What is art?  Centuries ago, it was defined and regulated by the church.  Artists worked their craft in light and shadow, color, portraiture, movement, and emotion through religious themes. I’ve wandered wearily through the galleries of the Uffizi and Accademia in Florence glazing over at one Annunciation, Nativity, Crucifixion, and Resurrection after another… and don’t get me started on the torments of the saints.  Agony… for everyone involved.

With a little inner remonstrance to pull myself together, I’ve sought to get past the themes and focus on the paintings’ elements: depictions of village life, building interiors, fashion, and drapery; the extraordinary skill in realistic representation; the emotion conveyed with paint on canvas.   While I prefer Hudson River landscapes, I recognize artistic skill and beauty.  Go back a few centuries and the “what is art?” question is unnecessary. 

It’s the use of feces as a medium that really throws me.

But I do understand that art can inform and provoke.  On a recent trip to The Ringling Museum of Art in Sarasota, FL, Dave and I were transfixed by a series of photographs taken at an African diamond mine. Laden with ponderous sacks, black laborers, so numerous that any identity was obscured, waited in line to scale rickety wooden ladders up a cliff. Startling in his unblemished shirt and arrogant whiteness, an overseer stood with his clipboard amid the sea of sweating, over-burdened workers.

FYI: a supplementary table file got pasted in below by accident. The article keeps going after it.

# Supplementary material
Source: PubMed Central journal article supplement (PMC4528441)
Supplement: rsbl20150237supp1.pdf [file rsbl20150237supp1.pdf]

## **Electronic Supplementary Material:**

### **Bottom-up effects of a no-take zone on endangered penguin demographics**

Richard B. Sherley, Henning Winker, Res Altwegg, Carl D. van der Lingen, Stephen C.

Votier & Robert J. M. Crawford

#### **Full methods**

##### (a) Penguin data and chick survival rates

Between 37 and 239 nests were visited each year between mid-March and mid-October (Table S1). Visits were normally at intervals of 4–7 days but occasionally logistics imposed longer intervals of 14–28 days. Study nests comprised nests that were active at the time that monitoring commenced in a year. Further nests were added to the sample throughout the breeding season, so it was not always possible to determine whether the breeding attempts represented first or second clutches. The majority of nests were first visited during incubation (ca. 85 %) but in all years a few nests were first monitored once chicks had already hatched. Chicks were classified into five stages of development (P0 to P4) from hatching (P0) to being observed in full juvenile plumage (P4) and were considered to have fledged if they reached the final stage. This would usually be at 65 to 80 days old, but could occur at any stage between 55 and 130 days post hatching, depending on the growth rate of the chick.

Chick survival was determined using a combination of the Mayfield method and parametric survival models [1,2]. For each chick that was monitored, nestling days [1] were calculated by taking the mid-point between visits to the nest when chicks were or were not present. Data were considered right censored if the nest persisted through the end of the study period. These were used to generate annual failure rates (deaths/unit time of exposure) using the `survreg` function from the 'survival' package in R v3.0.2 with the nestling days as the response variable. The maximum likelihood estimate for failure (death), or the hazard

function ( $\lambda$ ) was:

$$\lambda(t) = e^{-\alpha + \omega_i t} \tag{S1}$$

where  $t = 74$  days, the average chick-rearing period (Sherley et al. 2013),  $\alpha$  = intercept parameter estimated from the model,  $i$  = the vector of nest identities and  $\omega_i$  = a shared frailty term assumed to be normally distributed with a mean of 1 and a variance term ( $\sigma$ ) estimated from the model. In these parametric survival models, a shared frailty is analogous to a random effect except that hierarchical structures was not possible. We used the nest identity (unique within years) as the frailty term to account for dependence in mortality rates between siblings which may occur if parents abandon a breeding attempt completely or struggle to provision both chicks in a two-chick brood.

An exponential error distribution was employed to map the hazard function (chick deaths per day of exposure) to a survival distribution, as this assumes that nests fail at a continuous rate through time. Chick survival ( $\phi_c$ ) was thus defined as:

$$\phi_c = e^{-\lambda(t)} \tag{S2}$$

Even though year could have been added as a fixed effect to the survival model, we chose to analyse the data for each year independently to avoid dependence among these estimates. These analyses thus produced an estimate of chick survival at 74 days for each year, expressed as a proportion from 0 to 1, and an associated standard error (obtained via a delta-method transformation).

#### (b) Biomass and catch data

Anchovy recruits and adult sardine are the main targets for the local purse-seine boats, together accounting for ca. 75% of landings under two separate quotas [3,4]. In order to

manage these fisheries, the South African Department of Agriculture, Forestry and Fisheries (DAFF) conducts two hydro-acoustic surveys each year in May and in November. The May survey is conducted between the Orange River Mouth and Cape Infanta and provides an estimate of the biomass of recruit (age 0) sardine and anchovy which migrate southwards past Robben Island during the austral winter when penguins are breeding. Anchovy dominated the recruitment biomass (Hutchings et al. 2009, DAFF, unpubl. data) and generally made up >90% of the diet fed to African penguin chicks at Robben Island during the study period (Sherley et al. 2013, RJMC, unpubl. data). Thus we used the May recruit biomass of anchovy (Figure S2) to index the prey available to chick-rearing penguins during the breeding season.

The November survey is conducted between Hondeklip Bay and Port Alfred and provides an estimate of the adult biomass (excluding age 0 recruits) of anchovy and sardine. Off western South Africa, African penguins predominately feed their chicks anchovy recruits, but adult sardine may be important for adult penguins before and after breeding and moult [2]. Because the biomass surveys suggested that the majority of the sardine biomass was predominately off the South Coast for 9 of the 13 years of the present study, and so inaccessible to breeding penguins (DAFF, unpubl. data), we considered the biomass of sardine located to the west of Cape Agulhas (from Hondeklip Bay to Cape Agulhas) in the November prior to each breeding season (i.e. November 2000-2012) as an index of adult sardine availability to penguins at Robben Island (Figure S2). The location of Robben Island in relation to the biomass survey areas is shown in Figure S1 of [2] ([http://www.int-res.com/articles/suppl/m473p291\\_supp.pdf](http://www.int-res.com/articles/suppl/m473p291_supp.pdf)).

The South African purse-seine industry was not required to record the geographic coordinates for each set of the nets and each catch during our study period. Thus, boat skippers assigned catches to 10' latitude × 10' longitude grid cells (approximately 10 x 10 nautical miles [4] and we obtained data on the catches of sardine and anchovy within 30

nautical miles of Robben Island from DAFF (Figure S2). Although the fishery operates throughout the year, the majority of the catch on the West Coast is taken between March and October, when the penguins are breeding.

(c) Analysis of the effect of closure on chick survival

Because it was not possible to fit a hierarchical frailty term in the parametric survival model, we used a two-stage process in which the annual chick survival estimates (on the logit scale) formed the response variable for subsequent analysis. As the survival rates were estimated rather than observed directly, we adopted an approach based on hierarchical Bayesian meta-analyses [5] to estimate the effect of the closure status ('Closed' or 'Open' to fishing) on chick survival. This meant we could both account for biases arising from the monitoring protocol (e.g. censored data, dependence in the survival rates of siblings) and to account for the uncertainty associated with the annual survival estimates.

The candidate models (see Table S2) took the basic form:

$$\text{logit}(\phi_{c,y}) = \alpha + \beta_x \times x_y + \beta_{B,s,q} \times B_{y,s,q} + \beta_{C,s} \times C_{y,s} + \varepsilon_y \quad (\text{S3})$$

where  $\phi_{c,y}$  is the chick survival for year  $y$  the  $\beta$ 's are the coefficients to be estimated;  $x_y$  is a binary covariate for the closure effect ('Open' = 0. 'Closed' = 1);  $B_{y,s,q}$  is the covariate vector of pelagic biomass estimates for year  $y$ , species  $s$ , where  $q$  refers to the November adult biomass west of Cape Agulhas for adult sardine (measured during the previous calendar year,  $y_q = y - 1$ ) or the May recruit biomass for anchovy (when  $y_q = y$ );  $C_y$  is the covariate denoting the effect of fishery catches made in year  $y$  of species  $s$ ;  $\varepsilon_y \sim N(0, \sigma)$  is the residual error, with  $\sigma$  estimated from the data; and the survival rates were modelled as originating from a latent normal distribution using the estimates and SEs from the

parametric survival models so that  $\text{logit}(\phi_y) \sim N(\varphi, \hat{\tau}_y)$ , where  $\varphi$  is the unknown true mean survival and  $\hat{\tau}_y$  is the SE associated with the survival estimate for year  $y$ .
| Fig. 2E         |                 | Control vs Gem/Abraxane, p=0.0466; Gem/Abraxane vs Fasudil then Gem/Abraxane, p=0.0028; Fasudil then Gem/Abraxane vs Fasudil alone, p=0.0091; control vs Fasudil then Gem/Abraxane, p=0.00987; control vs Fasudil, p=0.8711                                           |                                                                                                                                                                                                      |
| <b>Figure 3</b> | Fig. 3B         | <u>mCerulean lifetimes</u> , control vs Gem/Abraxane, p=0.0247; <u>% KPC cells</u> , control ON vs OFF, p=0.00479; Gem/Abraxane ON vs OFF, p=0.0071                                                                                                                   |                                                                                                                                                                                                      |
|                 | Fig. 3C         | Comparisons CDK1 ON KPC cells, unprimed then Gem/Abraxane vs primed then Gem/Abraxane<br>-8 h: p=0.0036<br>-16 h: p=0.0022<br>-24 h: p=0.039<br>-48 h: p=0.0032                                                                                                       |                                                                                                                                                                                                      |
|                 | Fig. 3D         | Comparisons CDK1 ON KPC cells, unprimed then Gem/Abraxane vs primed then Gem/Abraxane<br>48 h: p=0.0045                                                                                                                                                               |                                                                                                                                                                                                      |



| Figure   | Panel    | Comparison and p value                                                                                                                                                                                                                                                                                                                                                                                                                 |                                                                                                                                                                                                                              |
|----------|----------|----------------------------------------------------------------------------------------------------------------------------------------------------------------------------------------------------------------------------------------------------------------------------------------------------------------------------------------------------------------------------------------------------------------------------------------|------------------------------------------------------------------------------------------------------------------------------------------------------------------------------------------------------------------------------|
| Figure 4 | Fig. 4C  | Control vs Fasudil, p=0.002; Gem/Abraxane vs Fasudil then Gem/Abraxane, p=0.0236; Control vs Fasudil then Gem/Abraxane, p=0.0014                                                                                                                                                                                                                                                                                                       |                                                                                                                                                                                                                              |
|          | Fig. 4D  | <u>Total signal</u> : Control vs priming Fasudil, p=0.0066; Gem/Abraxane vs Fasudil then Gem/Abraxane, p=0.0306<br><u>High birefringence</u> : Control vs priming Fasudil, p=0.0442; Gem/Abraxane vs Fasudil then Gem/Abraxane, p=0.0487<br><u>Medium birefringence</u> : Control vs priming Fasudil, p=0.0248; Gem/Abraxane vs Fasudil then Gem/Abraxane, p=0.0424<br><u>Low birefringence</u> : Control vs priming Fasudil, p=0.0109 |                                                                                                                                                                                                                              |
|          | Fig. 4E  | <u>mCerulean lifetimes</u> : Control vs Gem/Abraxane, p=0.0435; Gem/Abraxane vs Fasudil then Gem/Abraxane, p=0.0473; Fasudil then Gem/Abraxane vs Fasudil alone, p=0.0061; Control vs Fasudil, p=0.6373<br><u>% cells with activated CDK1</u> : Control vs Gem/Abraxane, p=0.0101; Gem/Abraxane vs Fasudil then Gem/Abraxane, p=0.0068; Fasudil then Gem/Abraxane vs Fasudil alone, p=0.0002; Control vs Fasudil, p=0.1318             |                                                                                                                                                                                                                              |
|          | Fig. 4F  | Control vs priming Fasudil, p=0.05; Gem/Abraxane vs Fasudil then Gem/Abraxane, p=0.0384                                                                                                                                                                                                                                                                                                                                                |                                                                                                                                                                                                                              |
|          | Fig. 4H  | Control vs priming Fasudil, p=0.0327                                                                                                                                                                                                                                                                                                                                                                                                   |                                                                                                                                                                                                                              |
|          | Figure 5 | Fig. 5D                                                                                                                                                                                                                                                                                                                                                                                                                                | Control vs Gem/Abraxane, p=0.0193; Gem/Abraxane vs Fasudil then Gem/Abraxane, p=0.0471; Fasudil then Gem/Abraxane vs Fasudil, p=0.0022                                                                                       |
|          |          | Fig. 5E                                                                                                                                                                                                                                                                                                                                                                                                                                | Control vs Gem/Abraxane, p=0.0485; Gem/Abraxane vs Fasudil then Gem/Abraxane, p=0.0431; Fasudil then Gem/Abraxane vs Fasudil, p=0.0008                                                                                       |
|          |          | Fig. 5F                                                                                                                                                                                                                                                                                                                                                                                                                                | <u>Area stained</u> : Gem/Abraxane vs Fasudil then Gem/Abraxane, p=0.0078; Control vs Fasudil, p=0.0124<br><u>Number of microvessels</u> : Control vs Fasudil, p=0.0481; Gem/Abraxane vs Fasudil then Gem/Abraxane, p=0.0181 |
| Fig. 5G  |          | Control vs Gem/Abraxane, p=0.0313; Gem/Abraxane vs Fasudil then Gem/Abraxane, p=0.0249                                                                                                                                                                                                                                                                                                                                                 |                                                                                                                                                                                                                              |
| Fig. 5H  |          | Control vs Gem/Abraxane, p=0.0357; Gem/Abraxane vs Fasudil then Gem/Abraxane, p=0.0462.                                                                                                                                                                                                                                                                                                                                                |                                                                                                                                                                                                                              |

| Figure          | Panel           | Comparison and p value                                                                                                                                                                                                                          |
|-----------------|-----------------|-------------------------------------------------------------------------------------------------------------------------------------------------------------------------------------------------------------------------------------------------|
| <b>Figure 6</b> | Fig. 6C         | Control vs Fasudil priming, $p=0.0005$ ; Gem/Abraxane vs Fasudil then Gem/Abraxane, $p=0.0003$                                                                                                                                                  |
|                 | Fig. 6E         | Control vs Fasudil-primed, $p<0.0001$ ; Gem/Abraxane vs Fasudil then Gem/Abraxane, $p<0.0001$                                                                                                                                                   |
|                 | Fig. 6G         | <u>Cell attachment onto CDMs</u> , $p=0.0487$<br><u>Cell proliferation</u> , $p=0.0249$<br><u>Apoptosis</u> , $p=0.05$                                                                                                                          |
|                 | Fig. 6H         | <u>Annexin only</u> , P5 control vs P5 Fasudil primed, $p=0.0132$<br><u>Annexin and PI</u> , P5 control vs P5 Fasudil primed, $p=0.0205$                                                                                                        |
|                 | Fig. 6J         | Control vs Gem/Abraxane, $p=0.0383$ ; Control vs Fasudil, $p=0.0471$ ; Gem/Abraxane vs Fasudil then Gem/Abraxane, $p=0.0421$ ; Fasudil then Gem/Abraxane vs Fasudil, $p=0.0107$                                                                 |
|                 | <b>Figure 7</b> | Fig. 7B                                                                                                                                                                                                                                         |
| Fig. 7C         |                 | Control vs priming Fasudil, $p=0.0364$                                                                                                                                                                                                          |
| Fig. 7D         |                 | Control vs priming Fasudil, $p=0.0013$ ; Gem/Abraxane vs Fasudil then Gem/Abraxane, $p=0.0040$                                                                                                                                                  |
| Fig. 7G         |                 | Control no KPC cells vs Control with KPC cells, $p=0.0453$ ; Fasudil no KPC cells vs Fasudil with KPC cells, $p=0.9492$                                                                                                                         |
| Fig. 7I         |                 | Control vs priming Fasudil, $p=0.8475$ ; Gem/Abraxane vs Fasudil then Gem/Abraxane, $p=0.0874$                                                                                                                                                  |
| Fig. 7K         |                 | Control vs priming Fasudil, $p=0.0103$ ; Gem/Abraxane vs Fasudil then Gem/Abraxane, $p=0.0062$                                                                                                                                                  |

It was a grueling scene and underscored how little I know of exploitation, how supremely fortunate I am in my life.

As Dave and I continued on toward the Monda Gallery, a mother and young daughter emerged.  The child spun, skipped, and bubbled with excitement.  “That was SO much fun!” she said.

“I knew you’d like it!” her mom replied.

Fun? I was still haunted by the diamond mine, and fun sounded good.

We entered a dimly lit, lofty room hung floor to ceiling with ribbons, thousands and thousands of multi-colored ribbons, a sea of swaying stained glass.  Soft classical music and birdsong conveyed a sense of cathedral quiet and deep forest, yet all who entered added their own melody of pure joy and discovery.